Taliban militants under the command of Fazlullah dominate 90 percent of the Swat Valley in northwestern Pakistan, where they publicly administer "Islamic punishments" to government sympathizers, female dancers, school teachers and local influentials.

The approximately 40,000 Pakistan security forces, who have been fighting Fazlullah’s militants since October 2007, have been confronted with a renewed and intensified insurgency that is now spreading to the neighboring districts of Buner, Malakand Agency, Dir and Shangla.

The conflict has displaced half million people from the idyllic valley and resulted in the destruction of more than 180 educational institutions.

Analysts believe the Taliban are a major threat to the integrity of Pakistan and it is the responsibility of all the stakeholders to come together and to devise a comprehensive and pragmatic strategy against terror. Neither the military nor the civilian administration can work in isolation, and there must be more coordination and cooperation between the two to eliminate militancy, they say.

Commenting on the current situation, Khadim Hussain Amir, an Islamabad-based political analyst, says that the Taliban want to perpetuate fear by such actions and it is high time for the political and military leadership to break the chain of terror created, encouraged and perpetuated by the Taliban by killing people and issuing warnings to the local social and political leadership.

“I am viewing this issue in its historical perspective. In 2006, Talibanization in Swat was a localized process. Taliban had no networking with other militant groups in Pakistan tribal areas and they did not have a fully trained and equipped militia,” Amir said.

“In 2007, they not only established contacts with other groups, but they also brought local criminal gangs under the umbrella of the Taliban movement, set up parallel courts and started targeted killings. This created enormous fear among the people. Now they want to silence all voices against them by utilizing this fear factor," Amir added.

After targeted killings and suicide attacks on government buildings and public gatherings that have killed hundreds of people over the last two years, the Taliban in Swat have been confronted with the issue of how to consolidate their control of the area.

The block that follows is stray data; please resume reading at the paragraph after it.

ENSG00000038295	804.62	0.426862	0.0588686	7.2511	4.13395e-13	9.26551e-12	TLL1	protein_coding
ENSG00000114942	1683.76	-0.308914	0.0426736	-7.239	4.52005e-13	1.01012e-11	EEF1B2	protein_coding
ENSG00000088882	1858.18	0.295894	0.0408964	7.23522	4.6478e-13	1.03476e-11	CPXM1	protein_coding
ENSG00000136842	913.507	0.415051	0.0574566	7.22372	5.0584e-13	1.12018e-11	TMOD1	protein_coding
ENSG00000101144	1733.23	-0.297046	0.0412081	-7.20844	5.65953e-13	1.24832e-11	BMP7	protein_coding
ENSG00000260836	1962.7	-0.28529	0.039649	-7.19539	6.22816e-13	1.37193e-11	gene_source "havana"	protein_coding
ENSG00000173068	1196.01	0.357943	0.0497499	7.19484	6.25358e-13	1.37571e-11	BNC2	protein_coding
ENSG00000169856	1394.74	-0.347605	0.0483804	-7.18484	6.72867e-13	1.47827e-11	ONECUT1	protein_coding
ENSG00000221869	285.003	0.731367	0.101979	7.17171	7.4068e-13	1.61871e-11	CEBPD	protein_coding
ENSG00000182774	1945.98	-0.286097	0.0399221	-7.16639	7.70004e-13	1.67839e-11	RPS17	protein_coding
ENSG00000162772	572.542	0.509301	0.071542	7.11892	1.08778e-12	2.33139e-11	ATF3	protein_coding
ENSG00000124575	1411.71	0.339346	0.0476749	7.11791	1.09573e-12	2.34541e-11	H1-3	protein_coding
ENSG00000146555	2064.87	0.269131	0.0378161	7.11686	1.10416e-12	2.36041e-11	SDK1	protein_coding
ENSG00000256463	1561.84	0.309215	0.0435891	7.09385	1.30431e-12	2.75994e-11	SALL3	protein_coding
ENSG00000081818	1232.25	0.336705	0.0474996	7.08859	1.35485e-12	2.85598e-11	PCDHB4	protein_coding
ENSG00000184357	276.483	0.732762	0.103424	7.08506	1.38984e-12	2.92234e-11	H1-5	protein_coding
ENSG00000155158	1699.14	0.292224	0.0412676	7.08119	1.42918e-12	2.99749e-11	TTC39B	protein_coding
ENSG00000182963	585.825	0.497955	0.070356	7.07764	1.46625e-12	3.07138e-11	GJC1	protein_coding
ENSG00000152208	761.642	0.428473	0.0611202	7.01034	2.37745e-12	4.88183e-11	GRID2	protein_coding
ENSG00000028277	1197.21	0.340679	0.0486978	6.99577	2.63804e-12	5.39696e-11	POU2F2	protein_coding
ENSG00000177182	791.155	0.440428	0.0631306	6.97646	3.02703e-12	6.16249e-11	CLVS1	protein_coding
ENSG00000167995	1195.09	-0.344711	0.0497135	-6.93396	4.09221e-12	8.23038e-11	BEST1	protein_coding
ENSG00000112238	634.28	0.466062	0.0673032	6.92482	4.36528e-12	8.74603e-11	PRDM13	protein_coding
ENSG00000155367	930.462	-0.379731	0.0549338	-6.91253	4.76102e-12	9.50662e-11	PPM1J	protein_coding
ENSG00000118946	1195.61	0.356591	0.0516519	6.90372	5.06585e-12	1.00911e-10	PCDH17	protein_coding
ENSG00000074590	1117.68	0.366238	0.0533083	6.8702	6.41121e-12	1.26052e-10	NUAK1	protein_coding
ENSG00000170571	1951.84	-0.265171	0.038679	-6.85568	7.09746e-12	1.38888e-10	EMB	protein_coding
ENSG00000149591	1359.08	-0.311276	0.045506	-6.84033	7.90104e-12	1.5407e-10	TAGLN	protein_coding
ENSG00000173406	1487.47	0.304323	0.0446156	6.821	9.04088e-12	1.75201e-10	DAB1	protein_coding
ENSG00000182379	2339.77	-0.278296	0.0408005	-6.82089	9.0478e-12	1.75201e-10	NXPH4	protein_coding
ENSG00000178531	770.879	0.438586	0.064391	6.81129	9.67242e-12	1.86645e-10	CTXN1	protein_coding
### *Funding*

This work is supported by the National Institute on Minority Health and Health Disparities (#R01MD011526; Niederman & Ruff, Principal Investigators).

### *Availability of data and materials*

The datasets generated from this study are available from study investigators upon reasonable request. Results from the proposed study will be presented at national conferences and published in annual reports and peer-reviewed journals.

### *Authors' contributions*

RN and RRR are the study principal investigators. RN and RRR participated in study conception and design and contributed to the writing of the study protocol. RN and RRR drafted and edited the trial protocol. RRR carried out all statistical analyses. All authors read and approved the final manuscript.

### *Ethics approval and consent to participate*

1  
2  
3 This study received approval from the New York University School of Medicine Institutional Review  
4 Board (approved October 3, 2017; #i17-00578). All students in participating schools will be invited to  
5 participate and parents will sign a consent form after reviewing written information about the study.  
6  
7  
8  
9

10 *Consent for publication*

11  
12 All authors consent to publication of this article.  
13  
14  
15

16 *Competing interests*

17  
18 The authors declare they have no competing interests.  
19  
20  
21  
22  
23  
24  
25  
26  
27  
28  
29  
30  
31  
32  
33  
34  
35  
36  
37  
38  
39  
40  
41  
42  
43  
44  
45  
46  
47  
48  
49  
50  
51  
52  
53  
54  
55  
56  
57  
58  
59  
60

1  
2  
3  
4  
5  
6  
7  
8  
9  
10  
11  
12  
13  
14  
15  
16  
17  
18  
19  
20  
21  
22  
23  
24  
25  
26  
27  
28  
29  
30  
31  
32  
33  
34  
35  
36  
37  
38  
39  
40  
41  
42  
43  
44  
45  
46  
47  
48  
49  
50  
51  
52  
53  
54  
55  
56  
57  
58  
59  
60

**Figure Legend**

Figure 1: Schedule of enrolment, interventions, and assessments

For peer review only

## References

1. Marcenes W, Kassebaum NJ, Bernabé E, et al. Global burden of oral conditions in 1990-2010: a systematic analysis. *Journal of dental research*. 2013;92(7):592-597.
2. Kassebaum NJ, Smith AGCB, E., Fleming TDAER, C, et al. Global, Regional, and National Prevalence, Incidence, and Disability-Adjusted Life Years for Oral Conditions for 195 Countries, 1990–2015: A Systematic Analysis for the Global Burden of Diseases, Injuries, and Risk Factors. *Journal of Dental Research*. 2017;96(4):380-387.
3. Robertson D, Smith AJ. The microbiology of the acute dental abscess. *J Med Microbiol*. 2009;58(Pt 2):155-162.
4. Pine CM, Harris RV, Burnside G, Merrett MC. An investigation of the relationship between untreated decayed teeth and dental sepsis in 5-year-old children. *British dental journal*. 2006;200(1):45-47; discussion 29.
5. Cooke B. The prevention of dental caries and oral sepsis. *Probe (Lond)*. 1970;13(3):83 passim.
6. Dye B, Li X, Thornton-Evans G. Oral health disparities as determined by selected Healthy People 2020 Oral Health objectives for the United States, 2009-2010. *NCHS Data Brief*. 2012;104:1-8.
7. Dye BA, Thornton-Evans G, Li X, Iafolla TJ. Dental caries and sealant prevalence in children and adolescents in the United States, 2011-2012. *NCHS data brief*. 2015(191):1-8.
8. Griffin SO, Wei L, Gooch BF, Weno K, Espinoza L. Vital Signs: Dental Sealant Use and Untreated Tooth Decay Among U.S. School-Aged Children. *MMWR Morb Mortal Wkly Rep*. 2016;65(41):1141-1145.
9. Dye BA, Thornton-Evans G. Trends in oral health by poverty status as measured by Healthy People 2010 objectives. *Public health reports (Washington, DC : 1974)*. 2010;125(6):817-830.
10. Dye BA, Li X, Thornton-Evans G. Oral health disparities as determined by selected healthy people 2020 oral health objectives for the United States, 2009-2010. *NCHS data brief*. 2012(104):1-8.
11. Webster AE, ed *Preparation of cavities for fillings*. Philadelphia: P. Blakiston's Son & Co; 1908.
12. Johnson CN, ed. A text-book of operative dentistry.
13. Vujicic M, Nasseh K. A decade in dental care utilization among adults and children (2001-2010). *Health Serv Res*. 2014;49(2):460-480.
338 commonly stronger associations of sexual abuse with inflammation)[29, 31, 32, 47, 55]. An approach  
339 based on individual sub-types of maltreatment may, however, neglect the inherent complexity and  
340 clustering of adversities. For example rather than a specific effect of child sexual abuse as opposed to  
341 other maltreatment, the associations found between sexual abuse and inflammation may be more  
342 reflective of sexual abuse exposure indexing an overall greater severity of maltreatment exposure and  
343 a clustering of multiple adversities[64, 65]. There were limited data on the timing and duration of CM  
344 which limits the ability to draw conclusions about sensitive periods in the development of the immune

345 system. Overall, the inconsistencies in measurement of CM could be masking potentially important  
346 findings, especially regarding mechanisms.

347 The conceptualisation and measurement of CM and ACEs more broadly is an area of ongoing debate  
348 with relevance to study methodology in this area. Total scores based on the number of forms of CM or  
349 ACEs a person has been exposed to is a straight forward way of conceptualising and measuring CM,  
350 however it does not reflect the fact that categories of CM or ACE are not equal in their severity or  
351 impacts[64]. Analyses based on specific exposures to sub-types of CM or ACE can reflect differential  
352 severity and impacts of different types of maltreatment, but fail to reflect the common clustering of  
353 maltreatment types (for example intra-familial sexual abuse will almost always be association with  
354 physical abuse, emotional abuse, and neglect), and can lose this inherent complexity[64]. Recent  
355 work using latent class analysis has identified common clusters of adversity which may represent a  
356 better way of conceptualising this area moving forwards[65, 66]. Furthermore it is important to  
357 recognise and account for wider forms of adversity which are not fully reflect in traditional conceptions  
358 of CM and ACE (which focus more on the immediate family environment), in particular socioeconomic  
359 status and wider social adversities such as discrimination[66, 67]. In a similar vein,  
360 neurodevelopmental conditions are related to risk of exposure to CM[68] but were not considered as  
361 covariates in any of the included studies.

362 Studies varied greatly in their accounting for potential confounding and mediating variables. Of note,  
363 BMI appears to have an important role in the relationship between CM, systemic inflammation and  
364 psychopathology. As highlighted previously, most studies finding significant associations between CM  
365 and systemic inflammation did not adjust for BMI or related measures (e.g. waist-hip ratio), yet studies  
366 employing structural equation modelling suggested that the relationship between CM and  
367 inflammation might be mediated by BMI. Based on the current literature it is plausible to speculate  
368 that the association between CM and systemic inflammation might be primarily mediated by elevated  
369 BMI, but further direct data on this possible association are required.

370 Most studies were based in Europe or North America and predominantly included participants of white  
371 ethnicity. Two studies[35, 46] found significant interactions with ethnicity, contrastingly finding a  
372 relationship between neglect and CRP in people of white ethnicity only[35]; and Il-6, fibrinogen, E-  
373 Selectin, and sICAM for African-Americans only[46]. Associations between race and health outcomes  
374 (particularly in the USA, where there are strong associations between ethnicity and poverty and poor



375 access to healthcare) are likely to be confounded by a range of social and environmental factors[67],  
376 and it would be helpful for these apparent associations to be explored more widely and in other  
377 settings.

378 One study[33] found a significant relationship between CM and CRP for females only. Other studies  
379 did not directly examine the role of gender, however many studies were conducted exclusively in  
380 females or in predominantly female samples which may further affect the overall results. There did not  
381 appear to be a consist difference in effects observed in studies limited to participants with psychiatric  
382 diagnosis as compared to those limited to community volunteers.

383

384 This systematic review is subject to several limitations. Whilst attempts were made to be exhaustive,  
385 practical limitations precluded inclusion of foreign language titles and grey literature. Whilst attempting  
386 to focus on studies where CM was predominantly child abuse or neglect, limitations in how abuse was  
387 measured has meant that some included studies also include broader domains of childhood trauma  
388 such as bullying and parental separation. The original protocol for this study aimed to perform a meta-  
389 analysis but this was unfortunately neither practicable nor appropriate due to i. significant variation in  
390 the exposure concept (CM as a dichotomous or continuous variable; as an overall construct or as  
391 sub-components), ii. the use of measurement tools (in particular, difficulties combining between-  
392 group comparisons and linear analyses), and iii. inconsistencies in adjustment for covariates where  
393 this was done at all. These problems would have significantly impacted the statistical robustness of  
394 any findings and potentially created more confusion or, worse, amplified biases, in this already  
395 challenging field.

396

At the beginning, to win support from the unprivileged and downtrodden classes of the society, they occupied the fertile lands of local landlords and distributed them among the poor.

In their courts they resolve feuds on an equal basis, and a number of court decisions have gone against the local elite. This process strengthens their position and many unemployed and unskilled youth have joined the Taliban fold.

Once they settled into their bases in different parts of the upper Swat Valley, the Taliban embarked on collecting funds and demanding weapons from the locals and punishing people in public at the slightest suspicion of supporting the government or criticizing their actions.

Meanwhile, security forces have pounded villages and civilian populations, which has resulted in the killing of more than 1,200 civilians.

Recently, ministers in the NWFP government blasted the military for inaction and lack of vision in Swat.

NWFP minister for information, Mian Iftikhar Hussain, told the media in Peshawar that the military had been in charge of all the affairs in Swat since the launch of military operations in 2007 and if the military had failed to eradicate militancy, then the people had no option but to pray to God.

The military has its own take on what is happening in Swat. Military officers say it is the responsibility of the government to place efficient civilian administration in the district and provide relief to the people affected by the conflict.

They believe that peace agreements between the provincial government and Fazlullah have only helped the Taliban to regroup and strengthen their position.

When the military operation was launched, it was claimed by the military commanders that the area would be cleared of all militants within three weeks. The fact is that now the militants are knocking on the doors of Mingora, the administrative capital and main urban center of the Swat district.

Maj.-Gen. Athar Abbas, Pakistan's military spokesman, says that the army was following a new strategy to clear major urban areas and villages of militants.

"The military will not be static, it will not be reactive. It will be reaching out to people to get their support," he told the Pakistan Daily Dawn.

However, Taliban spokesman Muslim Khan is standing firm and says that the military should leave the area immediately and the government should enforce the Islamic legal system in the region to avoid more violence and bloodshed.

"If there is no Shari’a, there will be no peace," he told The Media Line.

Whatever the result of the ongoing conflict in Swat, the reality is that the Swat Valley will never be the same as when thousands of tourists from all over the world would flood the area every summer to enjoy its fascinating natural scenery, snow-capped mountains and centuries-old cultural heritage in the shape of hundreds of Buddhist archeological sites spreading over every part of the valley.